2013-08-01 12:00 - Messages

Injuries to health workers are common but safety checks are rare, report finds

Comment / News: Healthcare workers suffer more of certain types of injury than workers in any other sector in the United States, including manufacturing and construction, but federal safety inspections are rare, a report has found.The report was prepared by Public Citizen, a non-profit consumer advocacy organization based in Washington, DC. According to the paper, healthcare employers reported nearly 654 000 workplace injuries in 2010, the year for which the most recent comprehensive data were available, 152 000 more than the industry with the next highest number of reports—manufacturing. Because of the size of the healthcare sector, the overall rate of injuries and illnesses per worker was less than for workers in many other industries. The full report may be found at:

Source : McCarthy M. BMJ 2013; 347: f4701.  http://dx.doi.org/10.1136/bmj.f4701

Nonwage losses associated with occupational injury among health care workers

OBJECTIVE: To examine nonwage losses after occupational injury among health care workers and the factors associated with the magnitude of these losses. METHODS: Inception cohort of workers filing an occupational injury claim in a Canadian province. Worker self-reports were used to calculate (1) the nonwage economic losses in 2010 Canadian dollars, and (2) the number of quality-adjusted days of life lost on the basis of the EuroQOL Index. RESULTS: Most workers (84%; n = 123) had musculoskeletal injuries (MSIs). Each MSI resulted in nonwage economic losses of Can$3131 (95% confidence interval, Can$3035 to Can$3226), lost wages of Can$5286, and 7.9 quality-adjusted days of life lost within 12 weeks after injury. Losses varied with type of injury, region of the province, and occupation. Non-MSIs were associated with smaller losses. CONCLUSIONS: These estimates of nonwage losses should be considered in workers' injury compensation policies and in economic evaluation studies.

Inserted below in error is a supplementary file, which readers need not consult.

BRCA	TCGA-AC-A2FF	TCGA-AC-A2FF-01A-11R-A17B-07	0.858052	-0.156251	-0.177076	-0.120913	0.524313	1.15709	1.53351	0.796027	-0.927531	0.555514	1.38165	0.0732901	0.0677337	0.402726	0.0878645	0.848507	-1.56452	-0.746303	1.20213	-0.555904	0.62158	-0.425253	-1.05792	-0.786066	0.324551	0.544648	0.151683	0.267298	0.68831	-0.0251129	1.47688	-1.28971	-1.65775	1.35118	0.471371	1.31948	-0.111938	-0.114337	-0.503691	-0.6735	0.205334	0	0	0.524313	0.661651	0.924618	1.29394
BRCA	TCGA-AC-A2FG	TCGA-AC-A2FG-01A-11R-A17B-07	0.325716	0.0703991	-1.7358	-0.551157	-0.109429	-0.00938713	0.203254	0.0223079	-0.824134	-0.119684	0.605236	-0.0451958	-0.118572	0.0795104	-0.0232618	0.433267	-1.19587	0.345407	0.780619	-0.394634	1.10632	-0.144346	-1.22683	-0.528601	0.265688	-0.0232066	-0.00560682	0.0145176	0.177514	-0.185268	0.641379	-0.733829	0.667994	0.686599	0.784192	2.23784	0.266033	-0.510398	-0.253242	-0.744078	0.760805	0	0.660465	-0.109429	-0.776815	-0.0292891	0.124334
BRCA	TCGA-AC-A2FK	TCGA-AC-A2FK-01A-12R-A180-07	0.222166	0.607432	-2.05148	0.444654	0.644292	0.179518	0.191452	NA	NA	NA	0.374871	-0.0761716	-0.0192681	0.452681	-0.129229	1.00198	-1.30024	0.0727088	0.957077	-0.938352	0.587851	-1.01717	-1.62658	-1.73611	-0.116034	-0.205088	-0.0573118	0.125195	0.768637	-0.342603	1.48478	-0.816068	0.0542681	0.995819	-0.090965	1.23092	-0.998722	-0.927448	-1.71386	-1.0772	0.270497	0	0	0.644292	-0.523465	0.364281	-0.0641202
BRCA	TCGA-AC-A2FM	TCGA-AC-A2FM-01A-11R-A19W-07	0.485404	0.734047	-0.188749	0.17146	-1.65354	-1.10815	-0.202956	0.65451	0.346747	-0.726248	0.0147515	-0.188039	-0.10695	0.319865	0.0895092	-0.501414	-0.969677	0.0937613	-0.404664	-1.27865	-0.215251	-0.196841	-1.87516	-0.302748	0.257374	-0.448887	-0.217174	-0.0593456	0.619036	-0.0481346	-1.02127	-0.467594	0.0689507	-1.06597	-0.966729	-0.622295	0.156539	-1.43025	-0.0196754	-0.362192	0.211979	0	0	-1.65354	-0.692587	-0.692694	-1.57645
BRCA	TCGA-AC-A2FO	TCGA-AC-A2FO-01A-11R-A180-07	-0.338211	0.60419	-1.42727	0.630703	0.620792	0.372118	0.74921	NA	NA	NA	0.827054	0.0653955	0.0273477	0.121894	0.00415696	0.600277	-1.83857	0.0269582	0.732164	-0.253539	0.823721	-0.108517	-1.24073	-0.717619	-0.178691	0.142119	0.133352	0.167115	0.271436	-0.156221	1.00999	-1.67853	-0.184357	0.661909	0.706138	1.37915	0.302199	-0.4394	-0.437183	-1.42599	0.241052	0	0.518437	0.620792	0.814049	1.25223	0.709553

Source : Guzman J, Ibrahimova A, Tompa E, Koehoorn M, Alamgir H. Journal of Occupational & Environmental Medicine, August 2013, Vol. 55, no 8, p 910–916

Pourquoi les jeunes ont trois fois plus d’accidents du travail que leurs ainés

S’il est généralement admis que les jeunes ont des conditions d’emploi précaires, les statistiques disponibles montrent qu’ils sont également bien plus exposés que leurs aînés aux accidents du travail. Et que des liens entre ces deux situations existent. Etat des lieux.
Sous l’effet des politiques de maintien dans l’emploi mises en œuvre ces dernières années en France, la situation des seniors est maintenant bien documentée. Celle des jeunes travailleurs - et notamment de leur exposition aux risques - l’est moins.  Or les statistiques disponibles sont préoccupantes. Des travaux de l’INSEE indiquent qu’en France, à durée d’exposition égale, les salariés de moins de 20 ans ont trois fois plus d’accidents du travail que ceux de 50 à 59 ans. Ceux de 20 à 29 ans, deux fois plus. En revanche, les jeunes sont moins touchés par les maladies professionnelles.

Source . http://www.anact.fr/web/actualite/essentiel?p_thingIdToShow=33953605

Fatal injury statistics - HSE

Summary for 2012/13
The information in this document relates to the latest 'full-year'; statistics on fatal injuries in the workplace, for 2012/13.

  • The provisional figure for the number of workers fatally injured in 2012/13 is 148, and corresponds to a rate of fatal injury of 0.5 deaths per 100 000 workers.
  • The figure of 148 worker deaths in 2012/13 is 18% lower than the average for the past five years (181). The latest rate of fatal injury of 0.5 compares to the five-year average rate of 0.6.
  • The finalised figure for 2011/12 is 172 worker fatalities, and corresponds to a rate of 0.6 deaths per 100 000 workers.
  • Fatal injuries are subject to chance variation, fluctuating year-on-year, therefore it is necessary to look at trends over a number of years. When the 2012/13 data is added to the time series, the latest five years indicates a levelling-off, with no overall trend.
  • There were 113 members of the public fatally injured in accidents connected to work in 2012/13 (excluding railways-related incidents).

Source : http://www.hse.gov.uk/statistics/fatals.htm?eban=rss-

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